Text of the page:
US consumer sentiment fell to an 11-month low in early August, with households expressing concerns about the rising cost of living, potentially signalling a slowdown in consumer spending.
The University of Michigan yesterday said its consumer sentiment index fell to a reading of 95.3 early this month, the weakest since September 2017, from 97.9 in July.
The survey’s current conditions sub-index of consumer expectations dropped to 107.8 from July’s reading of 114.4.
It said the decline in sentiment was concentrated among households in the bottom third of the income distribution, adding that consumers’ views on prices for big-ticket household goods were the least favourable in nearly 10 years.
Inflation has been rising in recent months, driven in part by strong domestic demand and a labour market that is viewed as being near or at full employment.
Economists said some of the consumers’ unease with pricey goods could be linked to the Trump administration’s protectionist trade policy, which has led to an escalation of a trade war between the United States and China as well as tit-for-tat tariffs with the European Union, Canada and Mexico.
The import duties are seen driving up prices.
“The decline (in sentiment) suggests at face value that the recent escalation of trade tensions may be worrying some consumers,” said Andrew Hunter, a US economist at Capital Economics.”But the details suggest that the bigger factor has been the recent rise in inflation.”
The consumer price index increased 2.9% year-on-year in July, matching June’s gain, which was the largest rise since February 2012.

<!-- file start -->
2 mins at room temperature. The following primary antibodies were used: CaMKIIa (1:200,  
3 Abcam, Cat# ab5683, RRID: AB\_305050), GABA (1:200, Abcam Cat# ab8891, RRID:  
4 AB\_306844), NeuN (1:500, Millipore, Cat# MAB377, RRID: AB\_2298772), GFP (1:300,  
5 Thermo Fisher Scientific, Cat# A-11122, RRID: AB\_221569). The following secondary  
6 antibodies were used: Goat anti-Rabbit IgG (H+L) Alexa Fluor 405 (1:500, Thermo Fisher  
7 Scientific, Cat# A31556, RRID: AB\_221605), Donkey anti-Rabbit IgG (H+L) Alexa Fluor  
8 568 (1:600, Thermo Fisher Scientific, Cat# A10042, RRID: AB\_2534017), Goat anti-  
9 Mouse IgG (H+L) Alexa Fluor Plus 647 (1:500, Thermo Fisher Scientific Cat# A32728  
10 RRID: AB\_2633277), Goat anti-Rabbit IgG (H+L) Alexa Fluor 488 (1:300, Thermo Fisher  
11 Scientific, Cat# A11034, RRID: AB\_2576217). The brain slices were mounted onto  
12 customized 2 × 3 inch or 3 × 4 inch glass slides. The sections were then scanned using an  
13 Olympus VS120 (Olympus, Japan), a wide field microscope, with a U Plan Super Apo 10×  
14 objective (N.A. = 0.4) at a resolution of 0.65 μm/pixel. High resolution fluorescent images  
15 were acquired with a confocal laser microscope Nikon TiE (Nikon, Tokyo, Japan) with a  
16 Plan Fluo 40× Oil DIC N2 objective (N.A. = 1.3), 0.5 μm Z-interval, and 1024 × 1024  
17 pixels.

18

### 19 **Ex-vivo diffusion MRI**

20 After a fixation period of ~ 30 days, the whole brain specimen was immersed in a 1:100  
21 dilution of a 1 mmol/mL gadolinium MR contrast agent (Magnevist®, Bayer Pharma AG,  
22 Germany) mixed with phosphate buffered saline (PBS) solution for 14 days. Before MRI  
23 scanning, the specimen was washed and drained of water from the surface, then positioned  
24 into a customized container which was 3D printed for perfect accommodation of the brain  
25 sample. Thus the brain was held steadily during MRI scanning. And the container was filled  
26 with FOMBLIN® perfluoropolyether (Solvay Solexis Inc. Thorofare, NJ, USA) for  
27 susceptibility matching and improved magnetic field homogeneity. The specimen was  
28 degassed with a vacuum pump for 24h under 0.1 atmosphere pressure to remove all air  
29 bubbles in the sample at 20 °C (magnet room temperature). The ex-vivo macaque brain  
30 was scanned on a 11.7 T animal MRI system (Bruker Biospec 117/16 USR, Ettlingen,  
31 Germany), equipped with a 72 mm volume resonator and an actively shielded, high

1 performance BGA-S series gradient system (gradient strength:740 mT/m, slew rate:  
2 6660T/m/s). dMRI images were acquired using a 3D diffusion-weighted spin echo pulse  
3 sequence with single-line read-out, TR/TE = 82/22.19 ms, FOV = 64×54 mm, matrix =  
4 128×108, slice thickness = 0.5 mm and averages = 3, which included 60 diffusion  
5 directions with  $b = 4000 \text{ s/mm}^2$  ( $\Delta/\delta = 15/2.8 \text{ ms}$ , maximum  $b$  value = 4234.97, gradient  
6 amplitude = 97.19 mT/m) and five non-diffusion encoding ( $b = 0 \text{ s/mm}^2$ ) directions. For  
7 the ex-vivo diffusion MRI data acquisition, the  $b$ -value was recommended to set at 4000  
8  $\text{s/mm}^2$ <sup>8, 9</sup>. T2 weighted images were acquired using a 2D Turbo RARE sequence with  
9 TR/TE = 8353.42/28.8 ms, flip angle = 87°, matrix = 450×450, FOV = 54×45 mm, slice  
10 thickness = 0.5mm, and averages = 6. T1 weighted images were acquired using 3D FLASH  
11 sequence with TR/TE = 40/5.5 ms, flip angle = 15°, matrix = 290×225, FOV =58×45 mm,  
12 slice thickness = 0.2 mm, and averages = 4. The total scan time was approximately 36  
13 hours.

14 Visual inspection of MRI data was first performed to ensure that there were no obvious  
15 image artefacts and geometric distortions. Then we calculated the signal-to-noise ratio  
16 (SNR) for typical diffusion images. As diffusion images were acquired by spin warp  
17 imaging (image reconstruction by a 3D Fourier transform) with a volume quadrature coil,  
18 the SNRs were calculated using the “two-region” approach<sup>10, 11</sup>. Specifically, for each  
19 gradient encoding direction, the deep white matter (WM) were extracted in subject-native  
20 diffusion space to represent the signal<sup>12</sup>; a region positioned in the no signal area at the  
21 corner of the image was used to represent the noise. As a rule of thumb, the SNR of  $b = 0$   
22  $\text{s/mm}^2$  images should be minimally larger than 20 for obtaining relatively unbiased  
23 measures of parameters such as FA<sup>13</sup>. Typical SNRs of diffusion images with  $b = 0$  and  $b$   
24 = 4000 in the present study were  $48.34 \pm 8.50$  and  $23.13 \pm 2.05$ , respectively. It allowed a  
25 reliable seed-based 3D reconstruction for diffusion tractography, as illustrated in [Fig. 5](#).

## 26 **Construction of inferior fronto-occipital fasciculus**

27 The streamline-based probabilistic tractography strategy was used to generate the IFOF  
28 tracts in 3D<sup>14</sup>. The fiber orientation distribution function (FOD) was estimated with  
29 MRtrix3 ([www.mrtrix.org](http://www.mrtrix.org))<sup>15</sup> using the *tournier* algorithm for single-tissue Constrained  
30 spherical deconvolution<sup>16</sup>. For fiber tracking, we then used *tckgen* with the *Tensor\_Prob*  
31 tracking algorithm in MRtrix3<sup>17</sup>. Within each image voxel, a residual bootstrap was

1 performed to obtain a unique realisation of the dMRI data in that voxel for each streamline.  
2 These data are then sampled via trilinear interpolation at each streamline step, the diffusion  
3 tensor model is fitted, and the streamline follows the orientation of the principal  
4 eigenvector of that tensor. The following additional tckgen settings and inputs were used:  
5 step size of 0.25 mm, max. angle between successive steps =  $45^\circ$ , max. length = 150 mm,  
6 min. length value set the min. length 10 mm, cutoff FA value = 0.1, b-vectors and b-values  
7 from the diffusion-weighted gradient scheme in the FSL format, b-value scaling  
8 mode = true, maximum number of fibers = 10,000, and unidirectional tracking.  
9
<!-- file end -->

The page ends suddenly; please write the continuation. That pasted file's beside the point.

The Federal Reserve’s preferred inflation measure, the personal consumption expenditures (PCE) price index excluding food and energy, increased 1.9% in June.
The core PCE price index hit the US central bank’s 2% inflation target in March for the first time since December 2011.
According to the University of Michigan, consumers’ perceptions of conditions for purchasing large long-lasting household goods were the least favourable in nearly four years.
Their views on motor vehicle prices were the worst since 1984.
“Consumers are paying attention and they aren’t happy that prices are rising, particularly on higher ticket items like cars and houses,” said Jim Baird, chief investment officer at Plante Moran Financial Advisors in Kalamazoo, Michigan.”At the margins, that’s likely to drag on spending.”
Consumers’ inflation expectations over the next five years rose 2.5% early this month from 2.4% in July.
Consumer spending, which accounts for more than two-thirds of US economic activity increased at a 4.0% annualised rate in the second quarter.
That helped to lift gross domestic product growth to a 4.1% rate, the fastest in nearly four years and almost double the 2.2% pace in the first quarter.
The University of Michigan survey also showed consumers’ perceptions about home buying conditions were the least favourable in 10 years and their views on house prices were the worst since 2006. This is bad news for the housing market, which has underperformed the strong economy.
The housing market is being stymied by an acute shortage of properties available for sale, which has driven up home prices.
House prices have risen more than 6% on an annual basis, far outpacing wage growth, which has been stuck below 3%.
“Today’s report showed that consumers perceive themselves to be worse off financially currently as a result of affordability issues related to big ticket consumer items and housing,” said Blerina Uruci, an economist at Barclays in Washington.
LEAVE A COMMENT Your email address will not be published. Required fields are marked*
298 Qatari SMEs benefit from QDB’s Al Dhameen programme
US allows eight importers to keep buying Iran oil for now
Trump, Xi upbeat on trade after phonecall; US targets more Chinese companies
S Korea’s Jeju Air eyeing $5.7bn jet purchase deal
Bears sink teeth into Apple, bulls run on China ends
Scam-tainted Suruga Bank to receive $2.2bn BoJ credit line
India’s festival week fails to spark gold demand
China to support Pakistan to tide over financial crisis
Apple watch heart study with Stanford signs up 400,000 volunteers